DEFINITION: A series of industries in the coastal regions of West Africa during the last 10,000 years. Backed microliths akin to those manufactured in earlier times are associated with pottery and with ground stone ax- and hoe-like implements. One of the few well-described and dated occurrences is at Bosumpra near Abetifi in Ghana, where the occupation is dated between the 4th-2nd millennia BC. Because most of these peoples were nonliterate, there are few records up to c 1000 AD, when Arab historians began describing the western African region. By that time, it already had centralized states, agriculture, and long-distance trading routes.
Khartoum Neolithic
CATEGORY: culture
DEFINITION: Industry of Sudan dating to c 5200 BP and characterized by domesticated animals, pottery, and a special adze.
Kintampo Neolithic
CATEGORY: culture
DEFINITION: An industry of Ghana in West Africa with the first evidence of animal husbandry and food production, and dated to 3600 BP. This savanna woodland and forest margin in the basin of Black Volta River also had ceramics, flaked stone tools, and scored stone rasps that may have been used for grating or grinding.
SYNONYMS OR RELATED TERMS: neolithic, New Stone Age
CATEGORY: chronology
DEFINITION: The period of prehistory when people began to use ground stone tools, cultivate plants, and domesticate livestock but before the use of metal for tools. It is the technical name for the New Stone Age in the Old World following the Mesolithic. In the Neolithic, villages were established, pottery and weaving appeared, and farming began. The Neolithic began about 8000-7000 BC in the Middle East and about 4000-3000 BC in Europe. It was followed by the Bronze Age, which began about 3500-3000 BC in the Middle East and about 2000-1500 BC in Europe. The criteria for defining the Neolithic has become progressively more difficult to apply as both food production and metalworking took a long time to develop. In Britain the Neolithic has other more specific characteristics: the use of pottery and of ground stone (beside the long-employed flaked stone) and the appearance of construction works like the long barrow causewayed camp and megalithic tomb. Elsewhere however some Mesolithic cultures made use of pottery in Japan for example; and certain so-called pre-pottery Neolithic groups had none as at Jericho. If the term Neolithic is to be retained at all it must be based on the appearance of food production (especially cereal grains) sometimes called the Neolithic revolution commencing in southwest Asia 9000-6000 BC. This might be considered the most important single advance ever made by man since it allowed him to settle permanently in one spot. This in turn encouraged the accumulation of material possessions stimulated trade and by giving a storable surplus of food allowed a larger population and craft specialization. All these were prerequisite to further human progress. The Neolithic was followed by the Mesolithic period the Chalcolithic or the Bronze Age depending on the terminology used in different areas and the nature of the archaeological sequence itself. The Neolithic followed the Paleolithic Period.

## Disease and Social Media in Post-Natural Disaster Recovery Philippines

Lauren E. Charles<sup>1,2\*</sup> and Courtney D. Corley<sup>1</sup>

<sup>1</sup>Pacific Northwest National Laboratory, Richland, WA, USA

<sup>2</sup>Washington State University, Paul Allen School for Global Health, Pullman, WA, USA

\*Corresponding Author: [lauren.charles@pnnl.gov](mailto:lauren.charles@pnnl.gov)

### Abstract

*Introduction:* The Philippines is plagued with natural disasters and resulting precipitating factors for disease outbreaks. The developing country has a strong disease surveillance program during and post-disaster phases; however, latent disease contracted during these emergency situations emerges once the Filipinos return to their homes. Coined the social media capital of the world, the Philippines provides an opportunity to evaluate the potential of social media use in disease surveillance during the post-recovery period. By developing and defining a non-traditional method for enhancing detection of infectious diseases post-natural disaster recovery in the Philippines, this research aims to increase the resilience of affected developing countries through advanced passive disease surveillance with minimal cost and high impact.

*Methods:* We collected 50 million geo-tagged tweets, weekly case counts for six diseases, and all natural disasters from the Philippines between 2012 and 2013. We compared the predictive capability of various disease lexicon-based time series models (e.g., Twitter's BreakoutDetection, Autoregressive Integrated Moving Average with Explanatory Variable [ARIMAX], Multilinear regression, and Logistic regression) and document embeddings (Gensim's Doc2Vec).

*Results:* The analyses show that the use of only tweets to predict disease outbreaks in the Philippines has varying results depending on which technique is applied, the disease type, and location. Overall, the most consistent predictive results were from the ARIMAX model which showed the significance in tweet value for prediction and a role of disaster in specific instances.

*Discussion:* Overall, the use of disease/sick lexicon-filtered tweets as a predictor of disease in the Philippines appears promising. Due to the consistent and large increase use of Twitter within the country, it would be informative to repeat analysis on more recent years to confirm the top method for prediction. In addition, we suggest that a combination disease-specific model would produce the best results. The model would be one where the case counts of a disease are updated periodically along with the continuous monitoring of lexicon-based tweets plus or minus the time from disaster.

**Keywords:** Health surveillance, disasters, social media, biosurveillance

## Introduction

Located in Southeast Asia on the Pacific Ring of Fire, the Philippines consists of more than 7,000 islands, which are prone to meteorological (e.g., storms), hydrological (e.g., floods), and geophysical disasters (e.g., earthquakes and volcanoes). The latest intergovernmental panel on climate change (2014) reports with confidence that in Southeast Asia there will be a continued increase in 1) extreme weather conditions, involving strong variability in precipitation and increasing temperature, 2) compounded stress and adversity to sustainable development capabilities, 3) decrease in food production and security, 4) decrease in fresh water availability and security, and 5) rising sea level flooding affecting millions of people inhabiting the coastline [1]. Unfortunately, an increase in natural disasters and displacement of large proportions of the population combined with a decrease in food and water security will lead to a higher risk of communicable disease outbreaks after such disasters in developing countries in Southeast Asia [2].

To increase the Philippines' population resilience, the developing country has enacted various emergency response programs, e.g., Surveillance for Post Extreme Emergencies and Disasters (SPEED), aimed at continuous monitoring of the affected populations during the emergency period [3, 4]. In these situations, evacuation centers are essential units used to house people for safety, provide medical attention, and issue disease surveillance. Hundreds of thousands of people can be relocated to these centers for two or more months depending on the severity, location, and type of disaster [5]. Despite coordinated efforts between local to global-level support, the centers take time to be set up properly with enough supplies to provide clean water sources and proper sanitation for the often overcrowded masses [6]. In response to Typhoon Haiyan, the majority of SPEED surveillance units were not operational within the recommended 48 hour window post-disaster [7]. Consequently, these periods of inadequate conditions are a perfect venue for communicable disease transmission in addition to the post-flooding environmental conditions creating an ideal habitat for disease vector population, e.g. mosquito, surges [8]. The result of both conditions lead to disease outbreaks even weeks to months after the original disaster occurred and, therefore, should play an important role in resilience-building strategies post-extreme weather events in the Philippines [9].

Neolithic Revolution
DEFINITION: A term coined by V.G. Childe to describe the origin and consequences of farming - the development of stock raising and agriculture - allowing the widespread development of settled village life (c 9000-6000 BC in Asia). This group of cultural processes marked the transition from an economy based on hunting and gathering to an agricultural economy. These processes were linked with development of village life, the beginning of firing techniques, and production of artifacts such as pottery and weaving.
Pastoral Neolithic
SYNONYMS OR RELATED TERMS: Pastoral Neolithic of East Africa
CATEGORY: culture
DEFINITION: A complex of cultures that appeared in southern Kenya and northern Tanzania about 3500 BC; a general term for the pre-Iron Age food-producing societies of East Africa.. It remains unknown whether they also cultivated plants. The earliest sites are on the plains of northern Kenya and date to the mid-3rd millennium BC. About 1300 years ago, they were absorbed or replaced by iron-using pastoralists and mixed farmers. Disposal of the dead was by burial beneath a stone cairn or between rocks. Stone platters, bowls, and pestles occur on most sites. Settlements show a great range of size, as does the relative importance of herding cattle and small stock in comparison with hunting. Pastoral Neolithic settlement is attested as far to the south as the Serengeti Plain of northern Tanzania. The subdivision of the Pastoral Neolithic in the East African highlands is not clearly defined. Pastoral Neolithic traditions recognized, though not well defined chronologically, are: Elmenteitan, Kansyore, Narosura, Nderit, Njoro River Cave, Oldishi, Olmalenge, and Oltome.
Pre-Pottery Neolithic
CATEGORY: culture